It's time to start the debate
Kelly Greig, partner at Irwin Mitchell Private Wealth, says social funding care is only going to become a bigger issue in years to come, as medical progress allows more people to live longer. "Many will be relieved that the so-called “Dementia Tax” policy from the Tory Manifesto has been dropped but it is important that the consultation announced in the Queens Speech helps to bring about a solution as soon as possible.”
Simply put, planning for later life is something that we will all have to get used to, says Kelly. "It is not enough to simply get a will and a pension anymore. Care fees, inheritance tax, power of attorney and mental capacity are all issues which need to be given some thought and discussed amongst family members. Reforming the social care funding models is something which may kick-start those conversations.”
Existing legislation won't cut it
Kelly says the devil will be in the detail of any future legislation on the issue, but believes something needs to be done, as the existing care cap proposed by Dilnot is insufficient.
She explains: “The issue of addressing social care costs obviously has a chequered recent history, with proposals in the Dilnot Report suggesting a theoretical cap of £72,000 which was arguably of limited value. The cap did not include a “board and lodging” element and was limited to the amount payable by local authorities, typically some way below the full rate for nursing care.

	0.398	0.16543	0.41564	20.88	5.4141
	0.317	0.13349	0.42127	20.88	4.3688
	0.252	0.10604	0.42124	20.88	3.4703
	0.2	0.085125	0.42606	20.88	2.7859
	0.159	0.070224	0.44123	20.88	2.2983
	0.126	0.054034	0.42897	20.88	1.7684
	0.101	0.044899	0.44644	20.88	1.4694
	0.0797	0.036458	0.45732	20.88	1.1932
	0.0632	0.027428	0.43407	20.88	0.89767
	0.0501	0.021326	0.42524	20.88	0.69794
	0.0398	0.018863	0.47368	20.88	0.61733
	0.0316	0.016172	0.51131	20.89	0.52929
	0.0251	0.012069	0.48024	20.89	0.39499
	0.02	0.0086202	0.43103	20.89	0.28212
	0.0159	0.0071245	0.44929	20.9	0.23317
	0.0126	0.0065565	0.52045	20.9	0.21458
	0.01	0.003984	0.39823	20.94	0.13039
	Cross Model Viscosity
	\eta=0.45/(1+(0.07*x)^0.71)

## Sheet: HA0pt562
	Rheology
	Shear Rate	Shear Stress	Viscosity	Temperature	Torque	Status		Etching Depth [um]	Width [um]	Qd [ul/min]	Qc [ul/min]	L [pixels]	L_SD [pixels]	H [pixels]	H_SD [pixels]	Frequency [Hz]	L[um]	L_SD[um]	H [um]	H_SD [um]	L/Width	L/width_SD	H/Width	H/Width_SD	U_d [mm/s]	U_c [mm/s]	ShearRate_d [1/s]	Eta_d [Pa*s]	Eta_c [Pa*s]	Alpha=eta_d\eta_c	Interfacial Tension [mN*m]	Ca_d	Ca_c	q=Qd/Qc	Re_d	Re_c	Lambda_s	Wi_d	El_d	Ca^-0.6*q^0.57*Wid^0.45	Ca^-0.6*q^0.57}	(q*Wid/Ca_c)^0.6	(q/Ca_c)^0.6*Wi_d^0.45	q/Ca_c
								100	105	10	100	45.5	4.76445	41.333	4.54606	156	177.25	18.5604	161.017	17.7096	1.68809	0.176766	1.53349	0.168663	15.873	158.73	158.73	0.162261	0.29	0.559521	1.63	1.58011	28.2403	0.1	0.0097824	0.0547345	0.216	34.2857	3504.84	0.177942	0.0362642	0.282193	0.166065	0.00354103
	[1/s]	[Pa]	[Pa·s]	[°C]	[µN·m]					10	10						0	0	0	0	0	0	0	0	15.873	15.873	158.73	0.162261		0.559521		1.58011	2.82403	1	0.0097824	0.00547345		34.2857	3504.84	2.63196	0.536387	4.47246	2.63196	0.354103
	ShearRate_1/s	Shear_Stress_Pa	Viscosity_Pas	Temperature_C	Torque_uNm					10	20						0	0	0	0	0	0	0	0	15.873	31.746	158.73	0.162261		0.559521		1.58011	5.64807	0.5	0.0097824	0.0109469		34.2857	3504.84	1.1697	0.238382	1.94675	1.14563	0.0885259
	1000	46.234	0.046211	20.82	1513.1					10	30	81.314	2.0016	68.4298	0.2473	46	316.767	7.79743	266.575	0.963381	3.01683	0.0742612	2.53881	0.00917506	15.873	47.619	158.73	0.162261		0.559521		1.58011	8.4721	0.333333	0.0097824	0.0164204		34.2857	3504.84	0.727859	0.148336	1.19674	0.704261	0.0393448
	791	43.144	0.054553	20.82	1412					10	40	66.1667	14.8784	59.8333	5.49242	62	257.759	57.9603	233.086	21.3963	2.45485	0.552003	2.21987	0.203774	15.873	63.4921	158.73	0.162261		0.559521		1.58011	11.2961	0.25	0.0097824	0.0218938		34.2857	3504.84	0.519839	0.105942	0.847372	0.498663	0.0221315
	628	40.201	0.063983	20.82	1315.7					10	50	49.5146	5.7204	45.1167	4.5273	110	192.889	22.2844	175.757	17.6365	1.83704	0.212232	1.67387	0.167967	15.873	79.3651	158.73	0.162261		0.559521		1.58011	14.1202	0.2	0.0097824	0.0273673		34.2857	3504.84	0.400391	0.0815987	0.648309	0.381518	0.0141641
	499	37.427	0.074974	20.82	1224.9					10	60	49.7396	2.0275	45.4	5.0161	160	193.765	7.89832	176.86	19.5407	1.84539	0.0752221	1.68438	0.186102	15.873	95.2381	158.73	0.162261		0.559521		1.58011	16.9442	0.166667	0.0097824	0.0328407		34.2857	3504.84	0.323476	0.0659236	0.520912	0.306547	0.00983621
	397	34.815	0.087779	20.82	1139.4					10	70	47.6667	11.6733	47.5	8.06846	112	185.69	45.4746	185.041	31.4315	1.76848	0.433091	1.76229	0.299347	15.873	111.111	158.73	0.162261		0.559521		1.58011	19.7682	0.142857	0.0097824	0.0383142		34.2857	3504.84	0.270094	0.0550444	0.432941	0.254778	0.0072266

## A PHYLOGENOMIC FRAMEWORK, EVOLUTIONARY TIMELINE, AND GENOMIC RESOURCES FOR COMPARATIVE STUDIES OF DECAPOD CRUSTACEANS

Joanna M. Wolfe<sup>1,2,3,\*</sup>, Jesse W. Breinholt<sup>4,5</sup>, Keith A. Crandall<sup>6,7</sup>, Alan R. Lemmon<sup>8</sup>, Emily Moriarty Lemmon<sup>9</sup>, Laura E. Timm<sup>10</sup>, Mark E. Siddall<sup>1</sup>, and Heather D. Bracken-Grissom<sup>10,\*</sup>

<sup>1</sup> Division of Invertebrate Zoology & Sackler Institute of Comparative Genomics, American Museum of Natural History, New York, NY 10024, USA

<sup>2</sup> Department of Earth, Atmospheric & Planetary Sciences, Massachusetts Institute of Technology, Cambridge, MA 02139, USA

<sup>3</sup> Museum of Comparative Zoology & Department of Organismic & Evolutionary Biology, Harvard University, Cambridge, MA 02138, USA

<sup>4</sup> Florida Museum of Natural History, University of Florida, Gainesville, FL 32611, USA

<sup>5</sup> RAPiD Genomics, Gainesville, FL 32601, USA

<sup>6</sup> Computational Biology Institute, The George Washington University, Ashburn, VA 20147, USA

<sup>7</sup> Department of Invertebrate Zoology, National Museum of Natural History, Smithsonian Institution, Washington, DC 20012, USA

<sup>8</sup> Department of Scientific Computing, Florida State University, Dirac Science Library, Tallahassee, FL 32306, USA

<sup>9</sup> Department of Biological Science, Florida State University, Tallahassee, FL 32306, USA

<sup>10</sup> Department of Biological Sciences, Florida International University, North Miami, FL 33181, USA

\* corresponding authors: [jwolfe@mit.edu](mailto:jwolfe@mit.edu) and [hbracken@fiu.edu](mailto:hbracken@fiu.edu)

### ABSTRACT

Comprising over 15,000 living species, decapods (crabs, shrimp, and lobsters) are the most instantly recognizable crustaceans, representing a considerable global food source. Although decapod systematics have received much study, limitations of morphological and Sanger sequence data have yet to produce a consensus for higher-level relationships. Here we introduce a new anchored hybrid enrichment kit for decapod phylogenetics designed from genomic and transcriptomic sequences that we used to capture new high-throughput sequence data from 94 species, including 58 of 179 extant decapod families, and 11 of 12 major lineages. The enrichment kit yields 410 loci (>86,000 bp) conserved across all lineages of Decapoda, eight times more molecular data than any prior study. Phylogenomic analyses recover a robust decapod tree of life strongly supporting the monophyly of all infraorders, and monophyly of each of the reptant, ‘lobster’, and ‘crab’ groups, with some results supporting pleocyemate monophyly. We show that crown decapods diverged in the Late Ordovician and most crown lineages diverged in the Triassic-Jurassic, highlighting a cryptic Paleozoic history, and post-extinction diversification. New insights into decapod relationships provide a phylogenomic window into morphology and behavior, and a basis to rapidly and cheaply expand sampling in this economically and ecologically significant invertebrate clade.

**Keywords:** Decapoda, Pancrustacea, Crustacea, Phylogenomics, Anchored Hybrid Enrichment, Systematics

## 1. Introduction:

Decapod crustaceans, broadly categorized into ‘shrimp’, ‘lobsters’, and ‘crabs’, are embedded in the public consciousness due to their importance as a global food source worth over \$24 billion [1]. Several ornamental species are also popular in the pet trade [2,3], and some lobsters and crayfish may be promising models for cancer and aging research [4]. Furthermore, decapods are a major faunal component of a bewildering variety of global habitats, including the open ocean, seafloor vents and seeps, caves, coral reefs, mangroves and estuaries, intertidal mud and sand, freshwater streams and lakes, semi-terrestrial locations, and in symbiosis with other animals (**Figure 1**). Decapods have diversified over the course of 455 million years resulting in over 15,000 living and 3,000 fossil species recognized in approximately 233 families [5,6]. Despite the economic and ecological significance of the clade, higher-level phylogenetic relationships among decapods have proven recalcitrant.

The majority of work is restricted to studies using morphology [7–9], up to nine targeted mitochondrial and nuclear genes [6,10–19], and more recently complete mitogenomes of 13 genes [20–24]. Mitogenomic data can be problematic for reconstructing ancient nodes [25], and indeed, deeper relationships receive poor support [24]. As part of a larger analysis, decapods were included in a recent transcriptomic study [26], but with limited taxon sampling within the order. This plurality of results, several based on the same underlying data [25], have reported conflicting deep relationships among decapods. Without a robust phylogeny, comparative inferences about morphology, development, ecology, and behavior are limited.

“Taking everything into account, it was my estimate that a person in a reasonable West Sussex nursing home would need to be there four and a half years before they reached that cap. As many people do not tend to live that long in care, it is reasonable to say such proposals would not help many."
Would a floor help?
Kelly argues that the now-scrapped proposal of a £100,000 funding "floor" would have been better for those with lower-value properties in the north of the country compared to traditional Tory voters based further south, but that it raised too many questions. These include whether it applied to individuals or couples, whether it took into account assets placed in a trust and whether the value of a property would be factored in even if a spouse or partner was living there.
“There are other issues too. For example, at the moment you can apply to a local authority for help when you reach £23,250, but are unable to use capital to ‘top up’ fees from a council if they are not enough to meet the full cost. How would this work under a new regime?